Games Workshop and developer Eko Software have teamed up to deliver something new to the Warhammer universe — an Action RPG. To do this, the studios clearly cast an eye to a few of the folks that have done it right, took a few pages from their books, and set to worldbuilding around it. Enter Warhammer: Chaosbane. With one heaping portion of Diablo III, a pinch of Path of Exile, a grip of Gauntlet, and a dash of Champions of Norrath thrown in for good measure, the game takes the best parts of these four games and combines them with a few new tricks to deliver something different and more than the sum of its parts. It’s time to team up with three friends and see what makes Warhammer: Chaosbane unique.
To kick things off, there is a great deal of exposition in Chaosbane, providing some backstory on the worldbuilding necessary to make you care about your adventure. Whether you are new to Warhammer or you are a returning fan, you’ll want to pay attention to the lengthy introduction as it’ll provide a bit of backstory on the major characters and their foes. That said Warhammer: Chaosbane can be a real steep climb for the non-devotee. If you are coming into this new, you’ll wonder why anyone would name a baddie “Nurgle” or just what the hell is going on half the time, but places like Norska are pretty gorgeous, whether you have any idea why it’s important to the lore or not. Settle in for the high fantasy, and try not to roll your eyes at the semi-Shakespearean prattle.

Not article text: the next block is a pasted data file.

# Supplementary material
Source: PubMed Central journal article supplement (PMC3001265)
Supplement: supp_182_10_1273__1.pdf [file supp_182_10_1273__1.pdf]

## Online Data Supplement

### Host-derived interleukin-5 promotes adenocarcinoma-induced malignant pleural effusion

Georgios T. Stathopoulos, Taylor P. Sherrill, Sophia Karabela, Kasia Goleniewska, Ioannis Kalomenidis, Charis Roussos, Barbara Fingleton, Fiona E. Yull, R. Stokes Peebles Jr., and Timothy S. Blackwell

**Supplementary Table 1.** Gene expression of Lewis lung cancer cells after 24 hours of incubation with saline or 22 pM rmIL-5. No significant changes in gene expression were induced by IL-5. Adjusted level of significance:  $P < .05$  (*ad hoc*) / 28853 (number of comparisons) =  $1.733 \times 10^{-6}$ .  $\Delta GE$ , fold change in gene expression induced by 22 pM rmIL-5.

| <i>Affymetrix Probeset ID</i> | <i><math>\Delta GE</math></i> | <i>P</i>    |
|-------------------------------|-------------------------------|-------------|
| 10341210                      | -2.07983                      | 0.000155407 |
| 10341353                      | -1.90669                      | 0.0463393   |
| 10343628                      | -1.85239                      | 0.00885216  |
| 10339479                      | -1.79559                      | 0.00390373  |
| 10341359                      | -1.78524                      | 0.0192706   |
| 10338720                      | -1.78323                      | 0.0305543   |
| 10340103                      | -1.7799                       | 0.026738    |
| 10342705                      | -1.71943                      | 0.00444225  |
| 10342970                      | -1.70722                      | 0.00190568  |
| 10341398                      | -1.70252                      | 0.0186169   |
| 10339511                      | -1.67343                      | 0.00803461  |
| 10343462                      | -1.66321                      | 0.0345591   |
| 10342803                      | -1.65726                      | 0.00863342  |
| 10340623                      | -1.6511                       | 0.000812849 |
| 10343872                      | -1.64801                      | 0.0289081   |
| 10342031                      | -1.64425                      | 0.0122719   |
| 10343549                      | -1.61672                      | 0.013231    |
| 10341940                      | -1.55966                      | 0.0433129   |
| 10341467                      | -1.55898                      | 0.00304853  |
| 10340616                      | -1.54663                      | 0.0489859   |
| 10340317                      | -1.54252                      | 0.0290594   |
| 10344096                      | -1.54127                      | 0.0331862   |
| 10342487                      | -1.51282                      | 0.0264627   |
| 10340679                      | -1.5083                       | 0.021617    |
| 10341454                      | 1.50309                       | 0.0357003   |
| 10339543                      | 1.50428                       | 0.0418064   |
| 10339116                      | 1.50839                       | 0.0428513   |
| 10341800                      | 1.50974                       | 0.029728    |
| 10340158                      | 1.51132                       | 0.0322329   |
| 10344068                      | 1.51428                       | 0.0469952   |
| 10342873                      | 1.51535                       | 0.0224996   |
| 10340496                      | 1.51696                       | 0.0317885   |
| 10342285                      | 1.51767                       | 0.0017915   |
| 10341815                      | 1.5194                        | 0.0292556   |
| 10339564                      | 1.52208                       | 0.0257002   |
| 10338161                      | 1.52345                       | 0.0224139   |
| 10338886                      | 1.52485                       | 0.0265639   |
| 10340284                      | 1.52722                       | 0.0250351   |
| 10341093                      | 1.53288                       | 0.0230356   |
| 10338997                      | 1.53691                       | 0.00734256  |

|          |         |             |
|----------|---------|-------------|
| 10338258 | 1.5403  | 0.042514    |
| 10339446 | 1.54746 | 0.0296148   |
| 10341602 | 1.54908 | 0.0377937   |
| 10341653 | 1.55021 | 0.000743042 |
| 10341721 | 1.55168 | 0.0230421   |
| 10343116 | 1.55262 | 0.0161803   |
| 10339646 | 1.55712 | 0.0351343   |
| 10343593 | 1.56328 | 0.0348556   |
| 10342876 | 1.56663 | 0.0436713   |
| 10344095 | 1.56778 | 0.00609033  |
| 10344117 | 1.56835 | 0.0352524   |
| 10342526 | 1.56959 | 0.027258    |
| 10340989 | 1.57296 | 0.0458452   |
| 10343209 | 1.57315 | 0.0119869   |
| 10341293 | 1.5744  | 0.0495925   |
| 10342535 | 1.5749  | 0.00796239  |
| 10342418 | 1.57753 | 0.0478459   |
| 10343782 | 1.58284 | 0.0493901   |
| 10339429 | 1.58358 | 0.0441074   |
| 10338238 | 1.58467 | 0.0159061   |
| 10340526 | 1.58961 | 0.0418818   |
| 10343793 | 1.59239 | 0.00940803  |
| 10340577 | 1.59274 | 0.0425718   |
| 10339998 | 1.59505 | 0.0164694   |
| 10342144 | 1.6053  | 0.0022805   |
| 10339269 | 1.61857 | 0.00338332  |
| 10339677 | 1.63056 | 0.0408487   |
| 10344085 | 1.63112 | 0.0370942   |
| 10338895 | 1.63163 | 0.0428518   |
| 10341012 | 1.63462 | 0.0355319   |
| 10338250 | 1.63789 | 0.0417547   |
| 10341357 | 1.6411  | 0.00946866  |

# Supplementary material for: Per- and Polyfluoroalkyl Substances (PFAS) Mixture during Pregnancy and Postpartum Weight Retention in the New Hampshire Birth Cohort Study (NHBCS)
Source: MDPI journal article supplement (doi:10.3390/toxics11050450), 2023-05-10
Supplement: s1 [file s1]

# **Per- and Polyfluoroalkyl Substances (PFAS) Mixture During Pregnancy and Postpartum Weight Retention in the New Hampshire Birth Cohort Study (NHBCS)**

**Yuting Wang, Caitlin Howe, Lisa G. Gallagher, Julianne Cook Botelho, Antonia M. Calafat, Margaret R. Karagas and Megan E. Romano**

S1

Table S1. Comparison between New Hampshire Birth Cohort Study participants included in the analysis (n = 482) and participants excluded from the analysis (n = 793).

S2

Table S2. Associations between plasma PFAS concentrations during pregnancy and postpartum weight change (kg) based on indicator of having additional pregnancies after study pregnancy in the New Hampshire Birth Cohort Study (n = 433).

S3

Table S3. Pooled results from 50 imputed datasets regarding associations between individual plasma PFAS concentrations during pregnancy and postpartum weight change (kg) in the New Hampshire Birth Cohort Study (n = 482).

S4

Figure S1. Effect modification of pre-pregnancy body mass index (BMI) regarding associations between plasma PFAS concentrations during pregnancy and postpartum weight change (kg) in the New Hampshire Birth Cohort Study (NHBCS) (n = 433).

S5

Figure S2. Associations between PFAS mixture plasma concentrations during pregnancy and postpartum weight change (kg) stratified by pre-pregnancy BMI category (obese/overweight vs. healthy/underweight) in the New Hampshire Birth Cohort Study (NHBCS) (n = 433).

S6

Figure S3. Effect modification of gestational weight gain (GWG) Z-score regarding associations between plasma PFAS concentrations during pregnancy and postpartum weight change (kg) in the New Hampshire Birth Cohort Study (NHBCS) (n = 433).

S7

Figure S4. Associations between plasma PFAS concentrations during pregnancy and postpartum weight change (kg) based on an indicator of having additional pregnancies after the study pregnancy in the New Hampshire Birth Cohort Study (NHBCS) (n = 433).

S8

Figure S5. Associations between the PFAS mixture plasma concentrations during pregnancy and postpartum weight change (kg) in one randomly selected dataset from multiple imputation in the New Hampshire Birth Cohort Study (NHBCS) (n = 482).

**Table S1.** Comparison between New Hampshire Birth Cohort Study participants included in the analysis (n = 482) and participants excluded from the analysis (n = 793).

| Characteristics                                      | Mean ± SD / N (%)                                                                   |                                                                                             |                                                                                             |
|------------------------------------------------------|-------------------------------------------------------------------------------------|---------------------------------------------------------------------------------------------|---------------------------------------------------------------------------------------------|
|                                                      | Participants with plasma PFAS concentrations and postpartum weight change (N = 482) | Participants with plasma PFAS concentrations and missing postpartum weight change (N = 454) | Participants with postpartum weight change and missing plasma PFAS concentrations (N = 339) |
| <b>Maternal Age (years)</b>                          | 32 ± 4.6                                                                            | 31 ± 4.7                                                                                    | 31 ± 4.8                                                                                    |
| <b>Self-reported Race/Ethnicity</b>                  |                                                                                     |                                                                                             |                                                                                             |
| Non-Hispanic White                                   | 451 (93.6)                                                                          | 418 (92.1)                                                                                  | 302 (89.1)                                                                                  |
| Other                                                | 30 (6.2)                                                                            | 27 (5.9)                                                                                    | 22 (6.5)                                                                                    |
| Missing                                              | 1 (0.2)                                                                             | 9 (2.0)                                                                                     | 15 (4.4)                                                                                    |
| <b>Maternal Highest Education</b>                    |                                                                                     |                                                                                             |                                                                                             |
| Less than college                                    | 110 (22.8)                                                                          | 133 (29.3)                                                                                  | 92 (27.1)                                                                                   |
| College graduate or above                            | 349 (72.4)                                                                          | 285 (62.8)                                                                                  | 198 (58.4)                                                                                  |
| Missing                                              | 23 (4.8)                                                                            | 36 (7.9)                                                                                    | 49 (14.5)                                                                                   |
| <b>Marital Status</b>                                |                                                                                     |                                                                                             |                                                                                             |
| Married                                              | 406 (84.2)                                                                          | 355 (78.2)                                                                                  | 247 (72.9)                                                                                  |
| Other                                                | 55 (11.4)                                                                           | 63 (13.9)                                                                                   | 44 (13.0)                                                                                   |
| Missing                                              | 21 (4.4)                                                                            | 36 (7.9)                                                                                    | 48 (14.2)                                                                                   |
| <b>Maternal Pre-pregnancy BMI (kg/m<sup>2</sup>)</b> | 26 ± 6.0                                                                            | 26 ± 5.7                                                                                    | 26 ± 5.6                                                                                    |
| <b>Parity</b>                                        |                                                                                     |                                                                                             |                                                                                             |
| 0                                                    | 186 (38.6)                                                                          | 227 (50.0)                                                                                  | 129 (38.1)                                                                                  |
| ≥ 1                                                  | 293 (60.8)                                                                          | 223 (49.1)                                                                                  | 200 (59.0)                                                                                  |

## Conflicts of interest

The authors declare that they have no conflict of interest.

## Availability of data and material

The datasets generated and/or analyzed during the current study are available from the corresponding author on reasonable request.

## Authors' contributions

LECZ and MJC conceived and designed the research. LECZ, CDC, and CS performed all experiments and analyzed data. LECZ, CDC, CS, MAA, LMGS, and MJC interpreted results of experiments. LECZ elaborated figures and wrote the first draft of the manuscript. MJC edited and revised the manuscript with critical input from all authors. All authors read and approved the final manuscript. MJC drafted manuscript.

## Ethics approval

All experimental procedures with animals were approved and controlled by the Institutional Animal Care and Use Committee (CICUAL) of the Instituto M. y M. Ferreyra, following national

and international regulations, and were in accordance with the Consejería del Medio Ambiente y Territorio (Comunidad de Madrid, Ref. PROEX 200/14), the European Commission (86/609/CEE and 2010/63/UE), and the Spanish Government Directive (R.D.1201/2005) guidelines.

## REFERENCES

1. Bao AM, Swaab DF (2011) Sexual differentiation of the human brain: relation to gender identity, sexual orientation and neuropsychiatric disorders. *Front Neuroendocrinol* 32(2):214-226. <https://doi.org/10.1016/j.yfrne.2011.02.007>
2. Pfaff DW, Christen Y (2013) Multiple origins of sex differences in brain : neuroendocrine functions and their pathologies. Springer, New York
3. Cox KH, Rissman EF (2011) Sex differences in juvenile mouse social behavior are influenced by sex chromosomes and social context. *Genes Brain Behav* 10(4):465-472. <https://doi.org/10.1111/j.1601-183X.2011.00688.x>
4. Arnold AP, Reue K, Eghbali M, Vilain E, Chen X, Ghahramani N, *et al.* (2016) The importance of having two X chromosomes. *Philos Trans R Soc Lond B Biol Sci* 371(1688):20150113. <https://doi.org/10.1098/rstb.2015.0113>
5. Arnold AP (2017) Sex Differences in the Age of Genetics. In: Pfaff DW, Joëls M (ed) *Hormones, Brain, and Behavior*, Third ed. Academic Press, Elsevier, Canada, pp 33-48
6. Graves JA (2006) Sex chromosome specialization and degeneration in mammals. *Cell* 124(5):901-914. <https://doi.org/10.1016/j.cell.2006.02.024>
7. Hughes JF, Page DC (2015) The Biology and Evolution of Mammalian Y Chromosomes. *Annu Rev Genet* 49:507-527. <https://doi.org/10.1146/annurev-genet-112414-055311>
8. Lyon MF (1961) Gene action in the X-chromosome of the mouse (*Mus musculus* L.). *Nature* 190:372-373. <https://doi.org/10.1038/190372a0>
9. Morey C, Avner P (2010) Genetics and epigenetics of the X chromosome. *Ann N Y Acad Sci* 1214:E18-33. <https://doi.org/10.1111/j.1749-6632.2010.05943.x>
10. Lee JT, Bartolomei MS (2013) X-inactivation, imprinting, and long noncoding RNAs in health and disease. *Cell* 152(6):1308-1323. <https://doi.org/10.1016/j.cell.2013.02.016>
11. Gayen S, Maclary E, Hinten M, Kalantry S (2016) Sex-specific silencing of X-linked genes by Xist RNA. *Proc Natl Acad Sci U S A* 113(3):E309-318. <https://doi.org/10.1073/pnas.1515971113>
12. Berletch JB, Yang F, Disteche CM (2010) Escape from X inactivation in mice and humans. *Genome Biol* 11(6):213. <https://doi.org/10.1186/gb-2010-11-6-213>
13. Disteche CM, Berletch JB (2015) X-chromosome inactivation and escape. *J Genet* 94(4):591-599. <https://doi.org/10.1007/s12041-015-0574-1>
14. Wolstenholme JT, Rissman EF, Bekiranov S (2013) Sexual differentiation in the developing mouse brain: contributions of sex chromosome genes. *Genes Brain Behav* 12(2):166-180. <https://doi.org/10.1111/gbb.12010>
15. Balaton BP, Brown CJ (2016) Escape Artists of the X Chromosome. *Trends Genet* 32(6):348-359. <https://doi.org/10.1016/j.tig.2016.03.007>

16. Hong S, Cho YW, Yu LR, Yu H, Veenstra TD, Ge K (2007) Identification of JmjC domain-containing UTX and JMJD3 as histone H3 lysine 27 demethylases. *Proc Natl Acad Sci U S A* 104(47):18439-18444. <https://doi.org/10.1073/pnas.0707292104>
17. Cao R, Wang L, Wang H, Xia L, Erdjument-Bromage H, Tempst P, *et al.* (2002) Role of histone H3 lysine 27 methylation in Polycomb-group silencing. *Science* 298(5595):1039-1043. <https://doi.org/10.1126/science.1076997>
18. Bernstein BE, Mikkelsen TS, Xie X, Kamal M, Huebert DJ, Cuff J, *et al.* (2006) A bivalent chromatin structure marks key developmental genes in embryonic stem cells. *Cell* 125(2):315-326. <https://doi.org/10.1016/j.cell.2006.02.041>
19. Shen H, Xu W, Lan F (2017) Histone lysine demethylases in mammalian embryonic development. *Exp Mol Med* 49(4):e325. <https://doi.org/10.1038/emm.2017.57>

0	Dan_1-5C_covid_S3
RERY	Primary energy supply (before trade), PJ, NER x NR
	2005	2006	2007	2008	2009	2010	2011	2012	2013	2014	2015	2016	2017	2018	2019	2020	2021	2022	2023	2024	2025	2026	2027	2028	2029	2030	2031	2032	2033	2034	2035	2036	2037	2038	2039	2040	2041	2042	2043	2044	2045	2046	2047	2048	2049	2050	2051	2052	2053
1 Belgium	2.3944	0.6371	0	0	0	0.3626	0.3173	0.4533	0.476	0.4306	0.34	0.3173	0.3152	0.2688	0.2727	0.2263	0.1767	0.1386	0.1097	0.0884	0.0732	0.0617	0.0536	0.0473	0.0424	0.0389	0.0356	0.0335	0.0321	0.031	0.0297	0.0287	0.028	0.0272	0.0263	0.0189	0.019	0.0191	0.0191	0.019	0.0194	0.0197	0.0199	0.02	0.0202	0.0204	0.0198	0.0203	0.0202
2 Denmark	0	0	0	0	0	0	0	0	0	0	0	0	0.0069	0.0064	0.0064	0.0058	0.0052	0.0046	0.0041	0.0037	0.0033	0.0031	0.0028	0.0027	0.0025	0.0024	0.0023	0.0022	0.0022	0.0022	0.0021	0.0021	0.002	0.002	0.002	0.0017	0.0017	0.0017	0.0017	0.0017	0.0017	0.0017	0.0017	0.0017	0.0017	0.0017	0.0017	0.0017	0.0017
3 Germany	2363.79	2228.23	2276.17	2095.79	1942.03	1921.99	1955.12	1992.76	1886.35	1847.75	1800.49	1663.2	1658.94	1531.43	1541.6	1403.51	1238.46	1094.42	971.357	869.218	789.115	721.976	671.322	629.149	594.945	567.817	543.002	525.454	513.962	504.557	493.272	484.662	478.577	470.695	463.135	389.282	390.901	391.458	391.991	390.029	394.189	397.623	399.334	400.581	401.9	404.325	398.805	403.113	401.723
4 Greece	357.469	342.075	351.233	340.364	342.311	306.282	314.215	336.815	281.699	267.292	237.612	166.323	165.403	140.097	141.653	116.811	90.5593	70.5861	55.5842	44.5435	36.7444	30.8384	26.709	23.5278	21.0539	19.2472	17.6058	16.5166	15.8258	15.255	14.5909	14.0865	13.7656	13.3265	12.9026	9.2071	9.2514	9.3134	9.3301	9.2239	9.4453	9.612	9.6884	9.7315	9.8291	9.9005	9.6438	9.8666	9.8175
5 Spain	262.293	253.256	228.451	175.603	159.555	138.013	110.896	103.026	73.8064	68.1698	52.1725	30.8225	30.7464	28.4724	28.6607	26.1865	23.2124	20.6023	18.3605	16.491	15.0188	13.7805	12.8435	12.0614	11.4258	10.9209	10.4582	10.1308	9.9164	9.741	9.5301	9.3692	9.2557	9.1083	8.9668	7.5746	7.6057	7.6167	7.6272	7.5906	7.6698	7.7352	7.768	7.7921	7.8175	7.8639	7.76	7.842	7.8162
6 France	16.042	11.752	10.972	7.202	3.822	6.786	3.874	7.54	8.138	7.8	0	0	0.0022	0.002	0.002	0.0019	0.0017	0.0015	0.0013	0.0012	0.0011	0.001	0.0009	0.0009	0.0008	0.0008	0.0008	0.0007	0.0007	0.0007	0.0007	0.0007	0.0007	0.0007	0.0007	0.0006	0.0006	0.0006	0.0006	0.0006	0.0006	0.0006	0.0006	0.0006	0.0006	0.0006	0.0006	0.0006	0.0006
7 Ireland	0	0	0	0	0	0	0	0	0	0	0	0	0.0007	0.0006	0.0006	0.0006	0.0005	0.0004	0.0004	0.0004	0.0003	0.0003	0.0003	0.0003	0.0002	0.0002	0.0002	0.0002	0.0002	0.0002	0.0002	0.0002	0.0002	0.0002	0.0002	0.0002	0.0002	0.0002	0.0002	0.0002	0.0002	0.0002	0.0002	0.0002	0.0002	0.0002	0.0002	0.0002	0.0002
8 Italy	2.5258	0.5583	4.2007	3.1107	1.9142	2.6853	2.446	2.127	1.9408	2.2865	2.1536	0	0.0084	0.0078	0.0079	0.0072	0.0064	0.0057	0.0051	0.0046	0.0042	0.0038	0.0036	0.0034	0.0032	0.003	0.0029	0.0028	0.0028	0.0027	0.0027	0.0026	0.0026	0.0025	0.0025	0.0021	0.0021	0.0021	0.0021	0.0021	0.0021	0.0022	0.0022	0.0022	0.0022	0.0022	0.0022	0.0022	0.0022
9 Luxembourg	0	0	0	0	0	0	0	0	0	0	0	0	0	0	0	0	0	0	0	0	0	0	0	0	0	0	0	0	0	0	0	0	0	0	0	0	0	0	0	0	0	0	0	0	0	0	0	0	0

With the intro out of the way, you’ll select from one of the four heroes available at launch. Imperial Soldier Konrad Vollen the Scarred is your frontline combat specialist, able to wield a sword and shield. High-elf Mage Prince Elontir is your caster class, capable of delivering magical pain. Bragi Axebiter is a Slayer, which is to say “axe wielding berserker”. Elessa is a young Wood Elf archer tackling foes from a distance with her bow, as well as handling crowd control and summoning. Suspiciously absent is a Witch Hunter class, but more on that in a minute.
It’s at this point that you might see where Warhammer: Chaosbane has picked up a problem from the Diablo II days — static heroes. If you planned to play a female dwarf, or a male scout, you are out of luck — the four characters are locked in, all the way down to their name. You can customize their skills, and their equipment will drastically alter their appearance, but you are stuck with their names and sex. That said, it’s their skills that ultimately deliver the most differentiation.